DBT is especially helpful in treating borderline personality disorder, which makes it difficult for people to regulate emotions. Those with borderline personality disorder also react intensely to different situations, and DBT can help with this as well. DBT can also treat people who frequently experience suicidal thoughts. Dialectical behavioral therapy is best for people with high-risk conditions and behaviors. DBT patients are prone to self-harm, engaging in risky sex, abusing substances, and running into legal problems. People with troubled thinking, relationships, self-image, and moods are good candidates for this method of mental health treatment. In addition to borderline personality disorder, dialectical behavioral therapy is also effective in treating the following conditions:

DBT and Addiction

People recovering from addiction can benefit greatly from dialectical behavioral therapy. Since DBT teaches coping mechanisms and lets you live your life as efficiently as possible, it can also help former addicts live a sober, more productive life. It does this by emphasizing acceptance and change, which can be difficult for recovering addicts to comprehend. Giving up alcohol and drugs means kickstarting a huge change in your life. Addiction is fueled by destructive behavior. People with low self-esteem and who self-harm tend to abuse drugs or alcohol. Those suffering from addiction tend to experience mental and emotional instability, leading to poor relationships and trouble dealing with conflict. Through emotion regulation and mindfulness taught in DBT, addicts can learn how to handle triggers that can lead to relapse, as well as control cravings and urges. Goal setting in DBT can also be a positive experience for former substance abusers, giving them something to look forward to. Patients can focus on their recovery goals and look toward the future. In addiction treatment, DBT can be offered in both inpatient and outpatient settings. The therapist and the patient must be willing to collaborate for DBT to be effective. Montare Behavioral Health offers DBT for people suffering from addiction, and we can educate you on how it works.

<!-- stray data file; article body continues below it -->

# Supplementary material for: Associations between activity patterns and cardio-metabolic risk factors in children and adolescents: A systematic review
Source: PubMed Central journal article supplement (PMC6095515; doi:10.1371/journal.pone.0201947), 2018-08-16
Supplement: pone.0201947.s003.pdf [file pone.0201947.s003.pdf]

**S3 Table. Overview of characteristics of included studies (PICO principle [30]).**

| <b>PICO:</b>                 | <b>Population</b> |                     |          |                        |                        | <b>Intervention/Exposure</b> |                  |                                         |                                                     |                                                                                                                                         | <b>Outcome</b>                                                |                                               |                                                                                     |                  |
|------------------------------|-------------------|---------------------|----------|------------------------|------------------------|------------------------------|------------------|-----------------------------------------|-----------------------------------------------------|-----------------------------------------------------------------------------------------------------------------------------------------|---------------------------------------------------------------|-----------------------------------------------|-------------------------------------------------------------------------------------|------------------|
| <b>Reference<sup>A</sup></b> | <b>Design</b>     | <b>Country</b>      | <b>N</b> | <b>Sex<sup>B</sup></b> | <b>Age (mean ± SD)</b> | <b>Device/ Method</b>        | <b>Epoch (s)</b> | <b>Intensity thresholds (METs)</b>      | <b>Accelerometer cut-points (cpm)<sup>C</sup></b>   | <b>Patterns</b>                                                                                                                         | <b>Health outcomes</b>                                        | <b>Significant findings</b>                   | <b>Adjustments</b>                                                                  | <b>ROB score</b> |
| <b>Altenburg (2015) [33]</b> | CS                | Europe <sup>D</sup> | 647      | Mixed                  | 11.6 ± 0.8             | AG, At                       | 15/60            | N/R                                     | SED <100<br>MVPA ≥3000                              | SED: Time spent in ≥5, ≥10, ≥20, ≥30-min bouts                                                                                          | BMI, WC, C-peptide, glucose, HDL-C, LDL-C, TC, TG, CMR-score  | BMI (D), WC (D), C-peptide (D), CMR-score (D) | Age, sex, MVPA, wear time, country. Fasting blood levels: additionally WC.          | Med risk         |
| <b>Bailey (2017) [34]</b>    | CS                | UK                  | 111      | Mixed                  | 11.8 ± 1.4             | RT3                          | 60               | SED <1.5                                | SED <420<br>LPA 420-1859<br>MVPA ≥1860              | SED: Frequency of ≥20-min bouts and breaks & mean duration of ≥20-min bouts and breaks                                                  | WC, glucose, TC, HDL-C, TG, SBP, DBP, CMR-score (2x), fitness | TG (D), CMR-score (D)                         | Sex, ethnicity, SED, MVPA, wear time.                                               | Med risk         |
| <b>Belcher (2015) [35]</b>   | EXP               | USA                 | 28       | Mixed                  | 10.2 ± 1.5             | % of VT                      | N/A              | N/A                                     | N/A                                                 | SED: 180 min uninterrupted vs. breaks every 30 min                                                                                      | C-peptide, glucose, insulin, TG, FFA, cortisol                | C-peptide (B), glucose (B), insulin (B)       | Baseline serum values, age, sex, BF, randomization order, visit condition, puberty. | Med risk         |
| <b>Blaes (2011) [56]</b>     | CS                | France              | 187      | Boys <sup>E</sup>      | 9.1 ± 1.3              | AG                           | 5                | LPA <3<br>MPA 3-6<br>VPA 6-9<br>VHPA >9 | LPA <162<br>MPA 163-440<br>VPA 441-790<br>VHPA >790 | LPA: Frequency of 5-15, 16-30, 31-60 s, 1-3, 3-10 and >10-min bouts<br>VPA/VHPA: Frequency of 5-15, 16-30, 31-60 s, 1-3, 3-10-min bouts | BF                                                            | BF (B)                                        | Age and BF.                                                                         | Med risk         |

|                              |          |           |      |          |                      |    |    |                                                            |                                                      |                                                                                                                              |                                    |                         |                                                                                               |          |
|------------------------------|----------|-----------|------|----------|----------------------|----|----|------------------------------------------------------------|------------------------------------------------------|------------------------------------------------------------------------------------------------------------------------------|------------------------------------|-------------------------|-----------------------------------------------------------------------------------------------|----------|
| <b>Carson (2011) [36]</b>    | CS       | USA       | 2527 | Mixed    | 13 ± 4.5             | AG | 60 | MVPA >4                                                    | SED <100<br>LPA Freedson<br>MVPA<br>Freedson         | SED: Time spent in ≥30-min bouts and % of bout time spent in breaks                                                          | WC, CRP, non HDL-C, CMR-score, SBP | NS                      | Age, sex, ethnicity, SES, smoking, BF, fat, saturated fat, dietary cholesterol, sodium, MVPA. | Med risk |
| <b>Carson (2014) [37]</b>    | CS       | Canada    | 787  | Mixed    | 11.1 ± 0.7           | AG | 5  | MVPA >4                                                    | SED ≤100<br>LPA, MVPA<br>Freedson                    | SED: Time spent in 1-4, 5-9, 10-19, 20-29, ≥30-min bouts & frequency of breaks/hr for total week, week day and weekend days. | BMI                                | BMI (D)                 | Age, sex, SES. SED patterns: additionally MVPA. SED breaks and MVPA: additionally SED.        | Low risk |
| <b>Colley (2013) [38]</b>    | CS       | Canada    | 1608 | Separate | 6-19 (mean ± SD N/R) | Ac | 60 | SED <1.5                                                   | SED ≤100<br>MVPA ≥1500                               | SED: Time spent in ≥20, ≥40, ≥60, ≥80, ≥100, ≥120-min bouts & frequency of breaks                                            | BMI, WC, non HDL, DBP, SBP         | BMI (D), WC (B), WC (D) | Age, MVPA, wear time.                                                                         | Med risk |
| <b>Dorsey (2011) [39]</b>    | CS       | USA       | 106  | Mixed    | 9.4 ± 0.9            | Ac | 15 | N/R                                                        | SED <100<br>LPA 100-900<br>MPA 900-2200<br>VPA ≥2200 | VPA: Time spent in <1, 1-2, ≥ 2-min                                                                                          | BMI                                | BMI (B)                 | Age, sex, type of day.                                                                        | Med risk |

What to Expect During Dialectical Behavioral Therapy

If you participate in DBT, you’ll usually have two sessions per week. DBT sessions are held in three different ways, each of which has a different positive effect on the patient:
  • Group therapy sessions: DBT therapists will hold weekly group therapy sessions in which everyone can have a chance to speak out and voice their feelings. During each session, which lasts about two and a half hours, patients will practice role-playing and complete homework assignments that help them apply their new skills toward real-world situations.
  • Individual therapy sessions: As important as group DBT sessions are, individual therapy is crucial, and focuses on the person as a separate entity. Therapists work with individual patients on the behavioral skills they’ve learned in group sessions and apply them to their own personal situations. Therapists will help teach the patient how to deal with difficult people in their lives.
  • Phone coaching: In times when patients are in a crisis in between sessions, DBT therapists can offer phone coaching to guide them through a troubling situation.
Dialectical behavioral therapy will work in four stages:
  • Stage 1: Treat the most destructive behavior first (i.e. self-harm, substance abuse, and suicide attempts
  • Stage 2: Address quality-of-life skills, like interpersonal effectiveness, mindfulness and emotion regulation
  • Stage 3: Focus on improving self-image and relationships
  • Stage 4: Promote connection and joy in relationships